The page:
Mentor. The word itself was originally a name—the name of an advisor in Homer’s epic poem The Odyssey who was impersonated by the goddess Athena. The term’s mythical connotations are all but gone now, but it still describes an advisor and teacher.
But we have another term for that in graduate education at many universities: supervisor. The difference is that supervisors usually focus on helping students along the path toward graduation. Mentors make time to guide some of their students in other aspects of their lives.
How? One of my mentors was not my supervisor but a professor from whom I took two or three courses. (One of the courses happened to be on James Joyce’s massive game-changing novel Ulysses, which was based in part on The Odyssey.) After our courses were over, he offered me research assistantships and later helped me to get a job in the instructional development office that complemented my sessional teaching.
These were my day jobs, which I wisely did not quit, but for years I spent many evenings writing music and playing in a band. My mentor too was a musician, a much more accomplished guitarist, and when he launched an album he asked me to play with his group for the occasion. He knew that classical and flamenco were not my forte but thought the experience would be good for me. And it was, perhaps mostly because it was a vote of confidence and a gesture of friendship.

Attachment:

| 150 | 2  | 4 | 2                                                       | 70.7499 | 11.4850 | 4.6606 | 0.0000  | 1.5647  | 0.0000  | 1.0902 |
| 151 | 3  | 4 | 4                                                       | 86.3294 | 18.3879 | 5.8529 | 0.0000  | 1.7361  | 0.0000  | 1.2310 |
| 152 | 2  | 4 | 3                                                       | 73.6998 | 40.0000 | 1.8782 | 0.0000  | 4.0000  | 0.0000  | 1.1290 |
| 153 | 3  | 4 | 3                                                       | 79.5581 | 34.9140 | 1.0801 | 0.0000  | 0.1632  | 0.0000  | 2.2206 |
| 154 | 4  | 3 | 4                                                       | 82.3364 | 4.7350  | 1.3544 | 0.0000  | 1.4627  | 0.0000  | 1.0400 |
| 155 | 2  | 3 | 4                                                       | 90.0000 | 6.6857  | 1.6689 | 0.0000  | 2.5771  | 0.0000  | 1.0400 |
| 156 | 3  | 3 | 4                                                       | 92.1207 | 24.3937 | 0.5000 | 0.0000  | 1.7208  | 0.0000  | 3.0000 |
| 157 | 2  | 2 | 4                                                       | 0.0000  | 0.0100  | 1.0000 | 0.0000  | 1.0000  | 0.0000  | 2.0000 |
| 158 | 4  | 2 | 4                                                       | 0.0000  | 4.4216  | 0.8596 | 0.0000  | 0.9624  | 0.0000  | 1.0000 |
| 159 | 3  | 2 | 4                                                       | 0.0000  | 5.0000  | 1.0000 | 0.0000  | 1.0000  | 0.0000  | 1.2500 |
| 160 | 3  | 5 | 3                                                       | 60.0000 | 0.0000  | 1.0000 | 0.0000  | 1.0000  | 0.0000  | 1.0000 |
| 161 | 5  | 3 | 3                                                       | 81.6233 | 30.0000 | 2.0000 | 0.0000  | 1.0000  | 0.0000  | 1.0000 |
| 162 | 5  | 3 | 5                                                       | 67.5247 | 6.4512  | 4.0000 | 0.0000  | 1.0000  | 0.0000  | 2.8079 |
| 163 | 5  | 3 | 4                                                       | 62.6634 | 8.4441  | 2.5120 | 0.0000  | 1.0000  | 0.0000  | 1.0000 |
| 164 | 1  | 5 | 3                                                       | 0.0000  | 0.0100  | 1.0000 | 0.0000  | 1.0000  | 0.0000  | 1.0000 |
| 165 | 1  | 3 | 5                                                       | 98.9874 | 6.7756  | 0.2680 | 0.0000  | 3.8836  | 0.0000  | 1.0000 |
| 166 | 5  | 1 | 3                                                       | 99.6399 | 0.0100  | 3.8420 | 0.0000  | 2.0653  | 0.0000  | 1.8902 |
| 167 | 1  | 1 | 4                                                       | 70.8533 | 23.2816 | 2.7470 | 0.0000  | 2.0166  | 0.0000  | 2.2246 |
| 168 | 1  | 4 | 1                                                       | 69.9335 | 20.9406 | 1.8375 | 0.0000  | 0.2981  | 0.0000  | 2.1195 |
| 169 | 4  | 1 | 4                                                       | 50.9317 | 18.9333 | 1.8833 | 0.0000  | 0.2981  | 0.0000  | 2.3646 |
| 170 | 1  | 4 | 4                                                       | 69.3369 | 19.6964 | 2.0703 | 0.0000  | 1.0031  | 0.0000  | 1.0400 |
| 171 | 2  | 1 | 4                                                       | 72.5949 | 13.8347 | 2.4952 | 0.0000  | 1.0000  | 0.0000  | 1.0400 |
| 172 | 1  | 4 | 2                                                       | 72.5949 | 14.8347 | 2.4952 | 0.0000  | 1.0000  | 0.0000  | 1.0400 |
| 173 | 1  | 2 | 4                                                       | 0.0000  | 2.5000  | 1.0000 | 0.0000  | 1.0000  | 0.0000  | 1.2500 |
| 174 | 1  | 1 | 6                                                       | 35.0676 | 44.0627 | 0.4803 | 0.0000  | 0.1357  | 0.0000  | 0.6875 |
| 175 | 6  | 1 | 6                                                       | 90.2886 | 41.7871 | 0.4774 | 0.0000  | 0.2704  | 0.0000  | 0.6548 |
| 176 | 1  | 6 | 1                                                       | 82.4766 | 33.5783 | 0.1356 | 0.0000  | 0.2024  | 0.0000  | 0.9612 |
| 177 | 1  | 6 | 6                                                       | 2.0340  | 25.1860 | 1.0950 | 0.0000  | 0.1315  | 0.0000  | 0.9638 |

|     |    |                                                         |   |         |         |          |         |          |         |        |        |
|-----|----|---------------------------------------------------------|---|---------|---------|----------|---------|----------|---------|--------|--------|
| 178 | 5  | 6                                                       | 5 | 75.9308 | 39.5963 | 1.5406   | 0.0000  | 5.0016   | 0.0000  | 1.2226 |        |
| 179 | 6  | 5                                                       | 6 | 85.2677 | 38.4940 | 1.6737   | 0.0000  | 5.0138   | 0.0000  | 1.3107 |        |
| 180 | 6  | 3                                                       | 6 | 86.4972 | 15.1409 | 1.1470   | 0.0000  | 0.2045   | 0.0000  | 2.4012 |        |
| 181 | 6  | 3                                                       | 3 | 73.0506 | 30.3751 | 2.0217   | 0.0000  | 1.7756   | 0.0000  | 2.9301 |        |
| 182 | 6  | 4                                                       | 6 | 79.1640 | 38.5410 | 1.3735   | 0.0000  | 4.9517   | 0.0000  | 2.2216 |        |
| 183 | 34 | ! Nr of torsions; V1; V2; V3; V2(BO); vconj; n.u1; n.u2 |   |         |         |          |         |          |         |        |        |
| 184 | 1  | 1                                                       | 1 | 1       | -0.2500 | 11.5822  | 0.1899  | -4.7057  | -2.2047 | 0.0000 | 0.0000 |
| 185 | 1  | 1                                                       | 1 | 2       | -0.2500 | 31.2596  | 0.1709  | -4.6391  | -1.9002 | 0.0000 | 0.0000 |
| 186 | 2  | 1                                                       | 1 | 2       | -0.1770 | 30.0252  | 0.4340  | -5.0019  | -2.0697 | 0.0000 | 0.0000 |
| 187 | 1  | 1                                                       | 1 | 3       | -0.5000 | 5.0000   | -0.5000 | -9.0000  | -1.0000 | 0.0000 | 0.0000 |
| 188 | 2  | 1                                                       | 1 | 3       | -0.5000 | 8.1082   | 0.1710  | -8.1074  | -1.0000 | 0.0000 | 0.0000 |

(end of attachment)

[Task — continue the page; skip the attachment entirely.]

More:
Most supervisors cannot, and probably should not, be friends of all their supervisees. There’s not enough time. There’s also the unavoidable risk of bias. But mentoring has a mode that M. Christopher Brown II calls “frientoring,” which accepts subjectivity as a good thing. Frientoring also attempts to equalize the power differential between mentor and mentee so that they’re equals on a personal level. So, I play tennis and ride road bikes with my local mentors. I still don’t win many sets—but that’s because of my serve, not an institutional dynamic.
Frientoring and mentoring have fewer risks when they can be separated from supervision, which is one reason that supervisory committees are becoming more common than sole supervisors. One supervisor, however multifaceted, simply doesn’t have all the facets that a group does. And if one supervisor can help a student to focus on degree requirements, then another might safely be friendlier.
The mentor can think through longer-term or personal questions with the student: What’s out there after graduation? Who can a person become? The Supervision website at McGill has a page on mentorship that offers many more such questions for mentors and mentees, in addition to lots of other scholarly advice on the roles and responsibilities of supervisors. For alumni and current students, there’s also the Mentor Program at the Career Planning Service.
Wherever you go, and in whichever field, you will find people who have benefited from a mentor and who have grown into that role themselves with time. They attest to a significant need for continuous advice from people who have probably known you only as an adult, and who understand the many phases that adults go through in their careers and personal lives.
Although the original Mentor was a teacher hired by the departing Odysseus to continue the education of his young son Telemachus, most mentors today guide adults. As graduate students gain independence as researchers, mentors become no less important. They are often inspiring, enabling, crucial figures—during and after grad school. In fact, for life.
Original publishing date: April 29, 2014